Donald Trump’s deal with United Technologies to keep 850 Carrier manufacturing jobs from going to Mexico provides a window into how he may operate as President. It’s clear he intends to be not just Commander-in-Chief, but Negotiator-in-Chief.
Trump called UTC CEO Greg Hayes two weeks ago to ask him to keep the jobs in the U.S. He used both stick and carrot – threatening to slap tariffs on Carrier imports from Mexico while at the same time promising to cut taxes on the company’s hefty overseas earnings. The tactic worked. Here are some questions and answers about the deal:
Could the President really have imposed tariffs on Carrier’s imports? Maybe. Apparently the President has some authority to impose tariffs on companies acting in a way that he deems against the national interest. But the move would have sparked outrage from U.S. businesses as well as the international community.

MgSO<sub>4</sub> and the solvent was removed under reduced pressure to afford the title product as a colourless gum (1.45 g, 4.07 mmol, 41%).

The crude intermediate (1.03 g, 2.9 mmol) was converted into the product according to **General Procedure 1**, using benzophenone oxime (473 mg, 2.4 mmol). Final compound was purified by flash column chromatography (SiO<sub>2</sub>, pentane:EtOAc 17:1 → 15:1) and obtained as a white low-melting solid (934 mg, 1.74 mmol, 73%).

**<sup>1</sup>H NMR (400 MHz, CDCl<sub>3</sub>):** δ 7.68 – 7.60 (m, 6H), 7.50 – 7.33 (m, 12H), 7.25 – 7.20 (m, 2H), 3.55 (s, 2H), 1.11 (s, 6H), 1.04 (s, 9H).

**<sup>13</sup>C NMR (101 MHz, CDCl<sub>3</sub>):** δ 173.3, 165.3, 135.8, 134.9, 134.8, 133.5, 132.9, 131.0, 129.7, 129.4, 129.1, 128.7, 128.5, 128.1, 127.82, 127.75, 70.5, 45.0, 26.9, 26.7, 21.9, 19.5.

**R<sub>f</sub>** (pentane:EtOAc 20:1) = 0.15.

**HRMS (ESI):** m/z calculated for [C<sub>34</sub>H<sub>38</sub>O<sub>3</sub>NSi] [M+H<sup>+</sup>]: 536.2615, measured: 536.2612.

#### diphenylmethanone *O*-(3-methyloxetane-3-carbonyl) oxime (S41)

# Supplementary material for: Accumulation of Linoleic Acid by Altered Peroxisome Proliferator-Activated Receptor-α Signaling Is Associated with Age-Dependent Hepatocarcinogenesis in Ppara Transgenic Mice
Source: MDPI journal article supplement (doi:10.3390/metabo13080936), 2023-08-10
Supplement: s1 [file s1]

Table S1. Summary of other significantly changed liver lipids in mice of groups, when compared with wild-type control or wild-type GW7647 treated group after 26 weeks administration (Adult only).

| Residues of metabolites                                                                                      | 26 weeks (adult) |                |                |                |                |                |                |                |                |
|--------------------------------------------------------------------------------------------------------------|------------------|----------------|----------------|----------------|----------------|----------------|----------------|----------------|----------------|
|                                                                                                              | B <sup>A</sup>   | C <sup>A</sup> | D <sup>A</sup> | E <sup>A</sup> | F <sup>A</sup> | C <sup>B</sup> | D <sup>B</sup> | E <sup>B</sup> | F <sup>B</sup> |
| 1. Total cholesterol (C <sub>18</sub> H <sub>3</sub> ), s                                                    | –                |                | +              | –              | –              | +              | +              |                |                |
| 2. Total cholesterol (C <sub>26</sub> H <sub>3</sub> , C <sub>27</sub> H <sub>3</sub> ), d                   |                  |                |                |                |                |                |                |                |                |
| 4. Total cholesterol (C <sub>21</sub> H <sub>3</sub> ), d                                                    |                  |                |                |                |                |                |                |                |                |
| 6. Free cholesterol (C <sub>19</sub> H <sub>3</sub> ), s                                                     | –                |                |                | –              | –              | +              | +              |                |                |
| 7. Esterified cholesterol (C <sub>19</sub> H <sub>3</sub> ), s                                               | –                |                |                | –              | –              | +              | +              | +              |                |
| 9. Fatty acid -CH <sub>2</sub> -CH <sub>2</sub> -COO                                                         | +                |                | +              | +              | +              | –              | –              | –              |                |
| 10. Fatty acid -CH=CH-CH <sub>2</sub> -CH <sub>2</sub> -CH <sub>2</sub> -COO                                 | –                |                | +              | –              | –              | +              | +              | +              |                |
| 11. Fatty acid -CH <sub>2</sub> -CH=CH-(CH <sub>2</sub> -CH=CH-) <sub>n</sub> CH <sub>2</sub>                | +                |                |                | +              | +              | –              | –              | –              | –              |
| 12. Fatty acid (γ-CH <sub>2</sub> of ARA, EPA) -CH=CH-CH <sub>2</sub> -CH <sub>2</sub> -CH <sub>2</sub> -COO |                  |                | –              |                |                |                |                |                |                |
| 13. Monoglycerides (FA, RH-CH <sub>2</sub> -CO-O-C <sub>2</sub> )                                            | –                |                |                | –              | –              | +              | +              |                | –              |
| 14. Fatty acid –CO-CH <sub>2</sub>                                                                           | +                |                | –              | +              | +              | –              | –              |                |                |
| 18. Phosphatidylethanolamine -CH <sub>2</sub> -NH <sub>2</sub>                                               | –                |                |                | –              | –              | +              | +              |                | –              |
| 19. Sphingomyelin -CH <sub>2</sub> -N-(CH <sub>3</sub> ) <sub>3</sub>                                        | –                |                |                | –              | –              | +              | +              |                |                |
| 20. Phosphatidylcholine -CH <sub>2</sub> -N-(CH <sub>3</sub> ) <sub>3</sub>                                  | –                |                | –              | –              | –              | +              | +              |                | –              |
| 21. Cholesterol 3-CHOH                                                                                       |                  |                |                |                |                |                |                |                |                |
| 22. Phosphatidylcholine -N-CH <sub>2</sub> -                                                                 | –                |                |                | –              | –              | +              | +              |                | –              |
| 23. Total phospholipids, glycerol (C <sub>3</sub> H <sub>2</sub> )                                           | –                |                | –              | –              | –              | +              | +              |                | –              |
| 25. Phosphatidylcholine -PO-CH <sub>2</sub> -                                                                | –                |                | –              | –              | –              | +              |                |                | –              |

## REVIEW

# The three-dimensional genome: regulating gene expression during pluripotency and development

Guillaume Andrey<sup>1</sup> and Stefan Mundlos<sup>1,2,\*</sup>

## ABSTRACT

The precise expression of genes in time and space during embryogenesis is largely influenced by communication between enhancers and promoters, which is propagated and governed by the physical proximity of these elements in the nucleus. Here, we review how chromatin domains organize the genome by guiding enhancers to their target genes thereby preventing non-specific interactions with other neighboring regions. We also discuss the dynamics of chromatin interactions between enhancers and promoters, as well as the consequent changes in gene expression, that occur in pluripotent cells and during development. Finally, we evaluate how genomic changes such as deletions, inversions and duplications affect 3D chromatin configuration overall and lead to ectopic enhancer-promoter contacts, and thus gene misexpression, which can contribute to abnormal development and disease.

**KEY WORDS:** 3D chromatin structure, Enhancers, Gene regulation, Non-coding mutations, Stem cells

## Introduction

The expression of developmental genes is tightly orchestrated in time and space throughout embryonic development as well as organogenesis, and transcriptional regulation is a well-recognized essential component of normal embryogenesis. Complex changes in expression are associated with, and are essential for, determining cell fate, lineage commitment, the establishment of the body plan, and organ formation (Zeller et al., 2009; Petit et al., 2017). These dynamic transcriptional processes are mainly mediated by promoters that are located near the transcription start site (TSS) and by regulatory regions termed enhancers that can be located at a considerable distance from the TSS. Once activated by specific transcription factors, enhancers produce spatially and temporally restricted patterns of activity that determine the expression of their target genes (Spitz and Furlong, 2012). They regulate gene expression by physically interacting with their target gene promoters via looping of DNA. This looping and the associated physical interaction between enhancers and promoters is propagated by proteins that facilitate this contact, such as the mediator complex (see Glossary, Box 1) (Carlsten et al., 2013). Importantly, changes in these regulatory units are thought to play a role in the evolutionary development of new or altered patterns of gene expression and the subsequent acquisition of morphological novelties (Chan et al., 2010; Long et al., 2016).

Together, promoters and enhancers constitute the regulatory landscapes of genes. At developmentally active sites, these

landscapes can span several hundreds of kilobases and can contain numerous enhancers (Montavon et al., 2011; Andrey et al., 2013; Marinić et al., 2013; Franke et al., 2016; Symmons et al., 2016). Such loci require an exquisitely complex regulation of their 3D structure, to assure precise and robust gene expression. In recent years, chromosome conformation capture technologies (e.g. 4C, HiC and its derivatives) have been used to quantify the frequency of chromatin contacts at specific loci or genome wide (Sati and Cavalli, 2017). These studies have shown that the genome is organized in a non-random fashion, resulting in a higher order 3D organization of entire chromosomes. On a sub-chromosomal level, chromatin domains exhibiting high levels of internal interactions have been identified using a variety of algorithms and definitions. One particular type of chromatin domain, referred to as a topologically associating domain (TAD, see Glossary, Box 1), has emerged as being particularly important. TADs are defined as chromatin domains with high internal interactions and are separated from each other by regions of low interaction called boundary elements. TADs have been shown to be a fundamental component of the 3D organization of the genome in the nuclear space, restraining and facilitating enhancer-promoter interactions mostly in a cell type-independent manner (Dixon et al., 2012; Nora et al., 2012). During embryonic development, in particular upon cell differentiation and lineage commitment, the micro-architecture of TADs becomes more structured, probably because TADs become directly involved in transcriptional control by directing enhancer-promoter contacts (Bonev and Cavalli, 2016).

Could President Obama have cut the same deal? Doubtful. In this case, it was the carrot, not the stick, that carried sway. Trump’s election, along with Republican majorities in both houses of Congress, has raised the possibility that a cut in taxes on repatriated earnings could really happen – a savings for UTC that would be measured in billions and dwarf the $65 million a year saved by the move to Mexico.
Isn’t 850 jobs pretty small in the scheme of things? Yes. But the cut in corporate taxes, if it happens, could lead other big companies to make similar decisions to invest in the U.S.
Will those jobs still be in Indiana ten years from now? Probably not. Even if a cut in corporate taxes sparks a resurgence in U.S. manufacturing, technology is rapidly eliminating jobs on the factory floor. But if the past is any guide, there will be new jobs created, for those who have the necessary skills.